One of the perennial questions surrounding Sinuhe and his story is whether he was a real official and the Tale or Poem was his real autobiography. Ten years ago, one scholar (Kitchen 1996) strongly asserted that we are dealing with a “real biography,”while others and current researchers (Barta 2003; Parkinson 1997; Blumenthal 1998; Simpson 2003; Foster 1993) have other perspectives. In one recent paper (2004), I refrained from addressing this issue, because in my view it was not decisive for the area I was exploring in that publication (Sinuhe's relationship with the god/king) and because I think any attempt to separate “autobiography” from “literature” cannot help being arbitrary. Are not the Autobiographies of Benjamin Franklin, Benvenuto Cellini, Mark Twain and many other luminaries read and valued primarily as works of literature, rather than as primary historical sources? And are not the authors often engaging in self-consciously literary production, as well as taking conspicuous liberties with the humble facts? This is a point to which we shall return. The identification of Sinuhe as simply a copy of an autobiography or as a literary tale is, however, an important issue in its own right, and it merits our deep examination and reflection.
The insistence that “Sinuhe goes entirely with the real biographies (Kitchen 1996, p. 60), and even more insistently, “Sinuhe goes firmly, clearly and unequivocally with the real biographies” (1996, p. 61), depends on an impressive array of criteria which, upon scrutiny, are all quite mechanical and only deal with actual content on a rather gross level of subject-matter. Thus, while the checklist of genres embedded in actual autobiographies (such as Weni's triumphal song, and Pepi II's letter to Harkhuf) goes some distance in accounting for the observation of Sinuhe's “wide range of genres and techniques” (Parkinson 1997, pp. 21 ff.), or “profusion of genres” (p. 25), it does not address the articulation of Sinuhe's motivation and introspection, or the “constant tension between the ideal and the actual” – matters that, as noted by another current Egyptologist and major scholar of Middle Egyptian literature, seem “unparalleled in actual Autobiographies” (Parkinson 1997, pp. 21 ff.). Thye clear-cut, “up or down” nature of the comparisons is itself possibly somewhat illusory. Counterbalancing this cookbook of criteria is the fact that Sinuhe simply does not “read” like a traditional autobiography, as subjective as that judgment might seem. Sinuhe talks about things that no Egyptian would be caught dead talking about in his autobiography; e.g., the people who were afraid when they recognized him, the statement that he himself lied or equivocated or was afraid. I would go so far as to say that the compelling, overwhelming interest of Sinuhe as a work of literature is found precisely in those aspects which transcend the traditional autobiography, which cannot be reduced to the traditional autobiography. When looked at from that perspective, accusations of “superficial judgments” and “fashionable and shallow judgment” leveled at other scholars ring somewhat hollow, and the rigid adherence to a checklist of mechanical criteria may prove to be the more shallow approach. It is also doubtful whether echoing C. S. Lewis's statements in an apologetic work now nearly 40 years old (Kitchen 1996, p. 62 n. 3) is sufficient to dismiss the entire field of literary criticism.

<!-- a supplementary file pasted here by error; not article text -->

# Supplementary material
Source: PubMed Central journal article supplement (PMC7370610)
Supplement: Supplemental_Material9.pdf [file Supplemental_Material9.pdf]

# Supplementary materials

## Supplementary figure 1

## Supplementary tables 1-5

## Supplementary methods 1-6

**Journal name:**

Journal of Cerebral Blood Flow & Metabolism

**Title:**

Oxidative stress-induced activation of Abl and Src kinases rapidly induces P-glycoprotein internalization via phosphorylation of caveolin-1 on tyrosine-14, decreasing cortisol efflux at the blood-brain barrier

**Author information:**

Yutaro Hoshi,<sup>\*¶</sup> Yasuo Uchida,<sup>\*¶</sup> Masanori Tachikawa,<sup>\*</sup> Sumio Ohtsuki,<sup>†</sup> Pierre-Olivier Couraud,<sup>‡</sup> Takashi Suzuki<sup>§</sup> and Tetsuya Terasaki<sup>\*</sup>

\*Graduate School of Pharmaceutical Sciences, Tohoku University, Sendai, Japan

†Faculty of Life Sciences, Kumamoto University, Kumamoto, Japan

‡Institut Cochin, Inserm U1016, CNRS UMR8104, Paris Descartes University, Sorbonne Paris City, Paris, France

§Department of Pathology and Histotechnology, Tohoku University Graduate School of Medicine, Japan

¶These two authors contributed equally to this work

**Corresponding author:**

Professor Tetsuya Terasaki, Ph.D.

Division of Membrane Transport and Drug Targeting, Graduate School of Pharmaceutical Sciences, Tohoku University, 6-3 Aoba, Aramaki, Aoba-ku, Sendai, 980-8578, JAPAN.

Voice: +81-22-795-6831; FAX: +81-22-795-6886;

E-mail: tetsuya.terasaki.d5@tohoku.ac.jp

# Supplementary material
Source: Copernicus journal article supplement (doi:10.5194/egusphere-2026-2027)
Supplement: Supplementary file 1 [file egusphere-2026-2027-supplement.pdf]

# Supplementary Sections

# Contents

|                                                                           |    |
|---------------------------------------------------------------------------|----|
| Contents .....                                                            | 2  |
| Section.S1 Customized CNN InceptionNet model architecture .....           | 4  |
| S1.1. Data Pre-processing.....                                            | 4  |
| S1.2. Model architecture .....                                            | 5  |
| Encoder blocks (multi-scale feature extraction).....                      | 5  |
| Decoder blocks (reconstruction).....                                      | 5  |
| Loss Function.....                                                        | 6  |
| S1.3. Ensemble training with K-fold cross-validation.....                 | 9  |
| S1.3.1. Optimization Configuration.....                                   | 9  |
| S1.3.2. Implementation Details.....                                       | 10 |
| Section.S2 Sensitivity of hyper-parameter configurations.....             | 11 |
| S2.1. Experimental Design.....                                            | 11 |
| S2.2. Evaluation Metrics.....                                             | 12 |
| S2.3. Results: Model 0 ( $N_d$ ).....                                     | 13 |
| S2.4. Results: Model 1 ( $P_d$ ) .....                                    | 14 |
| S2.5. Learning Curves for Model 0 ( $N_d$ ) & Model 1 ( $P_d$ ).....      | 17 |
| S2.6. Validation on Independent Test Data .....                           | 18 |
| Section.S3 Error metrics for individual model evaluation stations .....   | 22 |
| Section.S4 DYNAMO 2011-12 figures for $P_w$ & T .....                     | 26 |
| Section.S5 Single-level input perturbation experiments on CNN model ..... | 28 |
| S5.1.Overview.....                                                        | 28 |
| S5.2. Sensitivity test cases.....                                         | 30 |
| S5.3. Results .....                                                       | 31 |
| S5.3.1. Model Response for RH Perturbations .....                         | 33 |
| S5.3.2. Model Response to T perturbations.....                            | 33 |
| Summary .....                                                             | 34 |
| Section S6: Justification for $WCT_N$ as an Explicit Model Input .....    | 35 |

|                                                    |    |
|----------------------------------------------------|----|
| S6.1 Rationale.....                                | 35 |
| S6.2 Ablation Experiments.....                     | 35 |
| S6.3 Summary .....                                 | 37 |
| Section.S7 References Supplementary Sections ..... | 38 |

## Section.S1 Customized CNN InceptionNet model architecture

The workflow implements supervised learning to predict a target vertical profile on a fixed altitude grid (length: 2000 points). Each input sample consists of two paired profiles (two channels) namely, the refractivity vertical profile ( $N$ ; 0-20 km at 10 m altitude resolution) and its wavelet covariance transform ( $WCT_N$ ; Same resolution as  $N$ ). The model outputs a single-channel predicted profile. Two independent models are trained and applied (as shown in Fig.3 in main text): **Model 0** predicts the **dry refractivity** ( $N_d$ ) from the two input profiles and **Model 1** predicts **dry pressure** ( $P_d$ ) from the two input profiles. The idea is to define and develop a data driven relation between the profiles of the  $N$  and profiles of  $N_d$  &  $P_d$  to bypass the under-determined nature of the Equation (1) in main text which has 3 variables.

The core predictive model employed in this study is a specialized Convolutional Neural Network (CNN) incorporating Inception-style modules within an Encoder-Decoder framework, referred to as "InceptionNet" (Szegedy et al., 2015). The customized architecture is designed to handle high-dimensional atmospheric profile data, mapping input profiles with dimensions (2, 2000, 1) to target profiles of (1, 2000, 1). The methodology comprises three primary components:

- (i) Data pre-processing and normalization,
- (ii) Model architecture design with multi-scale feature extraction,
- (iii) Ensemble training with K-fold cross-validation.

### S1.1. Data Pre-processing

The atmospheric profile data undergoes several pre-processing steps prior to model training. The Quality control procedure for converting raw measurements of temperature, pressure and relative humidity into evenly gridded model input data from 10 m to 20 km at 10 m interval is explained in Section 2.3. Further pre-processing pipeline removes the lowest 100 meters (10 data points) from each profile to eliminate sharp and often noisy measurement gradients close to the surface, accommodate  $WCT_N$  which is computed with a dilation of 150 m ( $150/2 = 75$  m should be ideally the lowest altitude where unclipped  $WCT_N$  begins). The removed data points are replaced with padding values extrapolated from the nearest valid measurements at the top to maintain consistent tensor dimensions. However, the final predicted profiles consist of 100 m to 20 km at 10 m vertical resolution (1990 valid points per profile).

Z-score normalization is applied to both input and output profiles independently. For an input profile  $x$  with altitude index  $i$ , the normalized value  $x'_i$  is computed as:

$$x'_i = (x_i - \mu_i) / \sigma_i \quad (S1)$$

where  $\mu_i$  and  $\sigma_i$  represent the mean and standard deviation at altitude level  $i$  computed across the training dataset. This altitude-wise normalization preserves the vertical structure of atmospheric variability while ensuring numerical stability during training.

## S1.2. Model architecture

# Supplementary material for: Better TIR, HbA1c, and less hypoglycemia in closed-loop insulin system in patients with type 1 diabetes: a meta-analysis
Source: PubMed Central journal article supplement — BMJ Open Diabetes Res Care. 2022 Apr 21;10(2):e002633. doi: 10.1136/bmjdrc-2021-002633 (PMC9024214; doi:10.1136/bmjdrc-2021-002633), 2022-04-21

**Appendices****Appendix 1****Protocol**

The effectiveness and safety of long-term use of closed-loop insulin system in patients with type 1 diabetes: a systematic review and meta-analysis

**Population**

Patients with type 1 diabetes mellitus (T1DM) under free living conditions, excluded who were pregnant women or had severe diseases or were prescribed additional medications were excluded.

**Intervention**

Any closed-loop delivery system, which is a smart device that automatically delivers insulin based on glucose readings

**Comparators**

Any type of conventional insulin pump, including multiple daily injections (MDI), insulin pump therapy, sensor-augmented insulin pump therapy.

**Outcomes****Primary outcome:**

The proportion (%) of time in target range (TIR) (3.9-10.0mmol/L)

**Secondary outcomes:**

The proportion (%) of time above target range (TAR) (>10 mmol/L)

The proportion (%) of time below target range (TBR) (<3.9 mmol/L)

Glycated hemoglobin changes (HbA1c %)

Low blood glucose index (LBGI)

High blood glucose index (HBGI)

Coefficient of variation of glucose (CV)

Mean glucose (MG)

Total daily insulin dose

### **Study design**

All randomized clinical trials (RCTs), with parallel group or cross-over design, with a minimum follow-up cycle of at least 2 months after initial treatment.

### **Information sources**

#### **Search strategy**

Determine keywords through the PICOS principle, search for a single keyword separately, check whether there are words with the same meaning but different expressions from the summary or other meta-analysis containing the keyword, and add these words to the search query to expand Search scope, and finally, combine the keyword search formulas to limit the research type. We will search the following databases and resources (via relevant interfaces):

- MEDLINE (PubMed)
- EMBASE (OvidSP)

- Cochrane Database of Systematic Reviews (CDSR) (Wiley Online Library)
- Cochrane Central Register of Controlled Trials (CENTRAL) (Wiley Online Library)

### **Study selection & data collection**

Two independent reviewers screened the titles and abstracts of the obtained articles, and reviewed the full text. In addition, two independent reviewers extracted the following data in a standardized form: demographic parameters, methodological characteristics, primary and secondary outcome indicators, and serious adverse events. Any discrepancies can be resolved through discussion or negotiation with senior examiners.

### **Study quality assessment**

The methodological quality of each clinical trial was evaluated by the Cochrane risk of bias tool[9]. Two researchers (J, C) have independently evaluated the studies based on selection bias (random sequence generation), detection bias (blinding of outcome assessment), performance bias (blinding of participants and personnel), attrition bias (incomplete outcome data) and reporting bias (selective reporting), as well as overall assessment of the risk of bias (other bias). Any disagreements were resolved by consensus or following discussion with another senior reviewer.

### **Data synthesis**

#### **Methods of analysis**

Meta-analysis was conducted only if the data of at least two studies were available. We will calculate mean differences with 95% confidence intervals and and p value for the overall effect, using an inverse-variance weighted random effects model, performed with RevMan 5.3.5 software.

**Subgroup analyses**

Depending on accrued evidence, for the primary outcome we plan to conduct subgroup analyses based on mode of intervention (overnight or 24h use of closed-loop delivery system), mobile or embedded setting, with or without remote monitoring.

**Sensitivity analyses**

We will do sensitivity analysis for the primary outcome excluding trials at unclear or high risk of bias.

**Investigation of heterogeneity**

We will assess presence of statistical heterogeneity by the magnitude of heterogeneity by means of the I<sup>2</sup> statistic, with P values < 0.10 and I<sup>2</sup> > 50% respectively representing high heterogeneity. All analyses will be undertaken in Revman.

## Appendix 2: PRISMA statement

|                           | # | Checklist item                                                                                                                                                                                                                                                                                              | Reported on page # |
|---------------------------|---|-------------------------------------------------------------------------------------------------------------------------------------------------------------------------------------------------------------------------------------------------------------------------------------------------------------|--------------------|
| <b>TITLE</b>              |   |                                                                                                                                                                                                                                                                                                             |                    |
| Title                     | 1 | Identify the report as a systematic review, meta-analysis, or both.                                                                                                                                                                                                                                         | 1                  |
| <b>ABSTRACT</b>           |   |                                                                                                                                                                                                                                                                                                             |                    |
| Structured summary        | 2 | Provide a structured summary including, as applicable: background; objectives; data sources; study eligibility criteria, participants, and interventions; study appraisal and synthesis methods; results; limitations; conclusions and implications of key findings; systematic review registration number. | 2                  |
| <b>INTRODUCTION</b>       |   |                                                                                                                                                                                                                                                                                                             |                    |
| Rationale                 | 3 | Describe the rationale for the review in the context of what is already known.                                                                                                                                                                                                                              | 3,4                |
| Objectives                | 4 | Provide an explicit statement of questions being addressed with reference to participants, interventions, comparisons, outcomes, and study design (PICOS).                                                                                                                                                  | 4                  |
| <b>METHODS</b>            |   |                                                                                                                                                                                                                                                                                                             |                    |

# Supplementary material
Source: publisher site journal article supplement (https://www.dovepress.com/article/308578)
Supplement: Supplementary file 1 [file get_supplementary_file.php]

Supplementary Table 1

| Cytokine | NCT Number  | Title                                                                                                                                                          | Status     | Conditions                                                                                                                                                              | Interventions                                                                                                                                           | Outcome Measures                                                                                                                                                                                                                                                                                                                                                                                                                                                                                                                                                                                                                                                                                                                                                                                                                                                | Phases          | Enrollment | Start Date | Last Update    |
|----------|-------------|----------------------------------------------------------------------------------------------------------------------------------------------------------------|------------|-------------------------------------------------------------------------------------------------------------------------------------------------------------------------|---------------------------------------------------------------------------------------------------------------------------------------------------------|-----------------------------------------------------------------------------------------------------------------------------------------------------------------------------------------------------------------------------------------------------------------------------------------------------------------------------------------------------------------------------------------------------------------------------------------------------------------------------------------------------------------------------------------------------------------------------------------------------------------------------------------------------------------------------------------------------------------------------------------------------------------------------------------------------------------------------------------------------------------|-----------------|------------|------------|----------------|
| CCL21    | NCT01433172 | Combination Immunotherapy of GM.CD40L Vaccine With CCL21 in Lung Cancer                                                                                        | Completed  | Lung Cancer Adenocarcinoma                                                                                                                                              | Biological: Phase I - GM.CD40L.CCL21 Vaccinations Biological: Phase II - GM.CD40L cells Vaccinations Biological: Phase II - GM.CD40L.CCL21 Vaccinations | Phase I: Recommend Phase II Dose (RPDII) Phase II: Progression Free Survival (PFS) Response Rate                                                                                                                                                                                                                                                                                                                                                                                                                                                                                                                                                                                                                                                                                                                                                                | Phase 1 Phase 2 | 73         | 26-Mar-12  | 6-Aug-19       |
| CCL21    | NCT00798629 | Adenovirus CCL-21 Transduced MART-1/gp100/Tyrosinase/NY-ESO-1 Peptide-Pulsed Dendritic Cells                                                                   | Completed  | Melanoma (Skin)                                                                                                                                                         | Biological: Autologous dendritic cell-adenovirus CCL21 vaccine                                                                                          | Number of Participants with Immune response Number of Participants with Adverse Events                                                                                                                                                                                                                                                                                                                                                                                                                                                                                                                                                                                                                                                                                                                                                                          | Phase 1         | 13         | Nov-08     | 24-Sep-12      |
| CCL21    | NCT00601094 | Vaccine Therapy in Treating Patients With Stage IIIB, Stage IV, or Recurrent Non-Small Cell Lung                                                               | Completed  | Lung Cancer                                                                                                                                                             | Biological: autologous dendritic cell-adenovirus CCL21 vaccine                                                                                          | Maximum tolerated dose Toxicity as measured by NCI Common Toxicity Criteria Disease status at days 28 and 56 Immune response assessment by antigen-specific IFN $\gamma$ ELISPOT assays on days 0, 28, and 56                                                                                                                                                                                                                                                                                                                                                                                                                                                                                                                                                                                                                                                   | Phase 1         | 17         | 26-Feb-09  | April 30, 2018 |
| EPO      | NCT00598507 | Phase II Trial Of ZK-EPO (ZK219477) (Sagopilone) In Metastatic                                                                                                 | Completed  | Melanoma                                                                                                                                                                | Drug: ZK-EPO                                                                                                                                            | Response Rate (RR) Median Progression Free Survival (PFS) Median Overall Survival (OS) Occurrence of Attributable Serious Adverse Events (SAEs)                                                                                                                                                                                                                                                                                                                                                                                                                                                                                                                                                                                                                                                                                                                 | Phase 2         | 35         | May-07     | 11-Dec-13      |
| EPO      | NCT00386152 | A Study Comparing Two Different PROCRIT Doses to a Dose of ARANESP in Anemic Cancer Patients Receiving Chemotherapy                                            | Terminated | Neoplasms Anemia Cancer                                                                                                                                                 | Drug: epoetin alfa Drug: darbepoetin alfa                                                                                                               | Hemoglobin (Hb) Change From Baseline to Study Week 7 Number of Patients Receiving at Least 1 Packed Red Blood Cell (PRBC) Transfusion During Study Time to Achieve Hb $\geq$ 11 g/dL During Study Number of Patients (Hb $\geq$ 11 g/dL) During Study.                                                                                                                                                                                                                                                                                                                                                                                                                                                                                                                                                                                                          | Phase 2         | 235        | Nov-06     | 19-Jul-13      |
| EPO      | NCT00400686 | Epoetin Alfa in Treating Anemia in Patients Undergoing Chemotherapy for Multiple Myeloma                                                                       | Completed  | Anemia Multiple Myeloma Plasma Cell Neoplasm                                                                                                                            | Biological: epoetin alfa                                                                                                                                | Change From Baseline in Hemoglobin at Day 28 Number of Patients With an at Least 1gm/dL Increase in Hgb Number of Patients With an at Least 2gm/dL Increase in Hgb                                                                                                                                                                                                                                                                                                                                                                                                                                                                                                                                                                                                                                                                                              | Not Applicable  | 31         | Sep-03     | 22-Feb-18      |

One significant corollary of the “autobiography and nothing but autobiography” approach is that it seems to deny, at least implicity, the ability of the ancient Egyptian writer to adapt, manipulate and work creatively within the canons of the autobiography form. Another scholar, on the other hand, contrats the high artistry of Sinuhe, which is labeled “literarische Autobiographie” [literary autobiography], with what are designated “echte Beamtenbiographie” [true biographies of officials] (Blumenthal 1998, p. 213). Analogously, in a recent monograph we read that “the origin of the Tale lies with the ancient Egyptian genre of tomb biography” (Foster 1993, p.126) and that it “is thought to difference in narrative skill between the tomb biography in general and this Tale. Sinuhe was composed as a story (whatever its genesis) by an author superbly skilled…” ( ibid. ). The question “was there a historical Sinuhe?,” is answered with the likelihood that “probably he is a brillianty conceived fiction based on conditions at the Egyptian court and in Syria-Palestine at the beginning of the Twelfth Dynasty” (p. 127; a similar formulation, Simpson 2003, p. 54). I think that Foster perhaps overenthusiastically tilts too far in another direction by undervaluing the literary nature and merit of the “ordinary” (auto)biographies. Another current treatment (Barta 2003) joins with most others by characterizing Sinuhe as “fiction” though extremely accurate in its background and descriptions.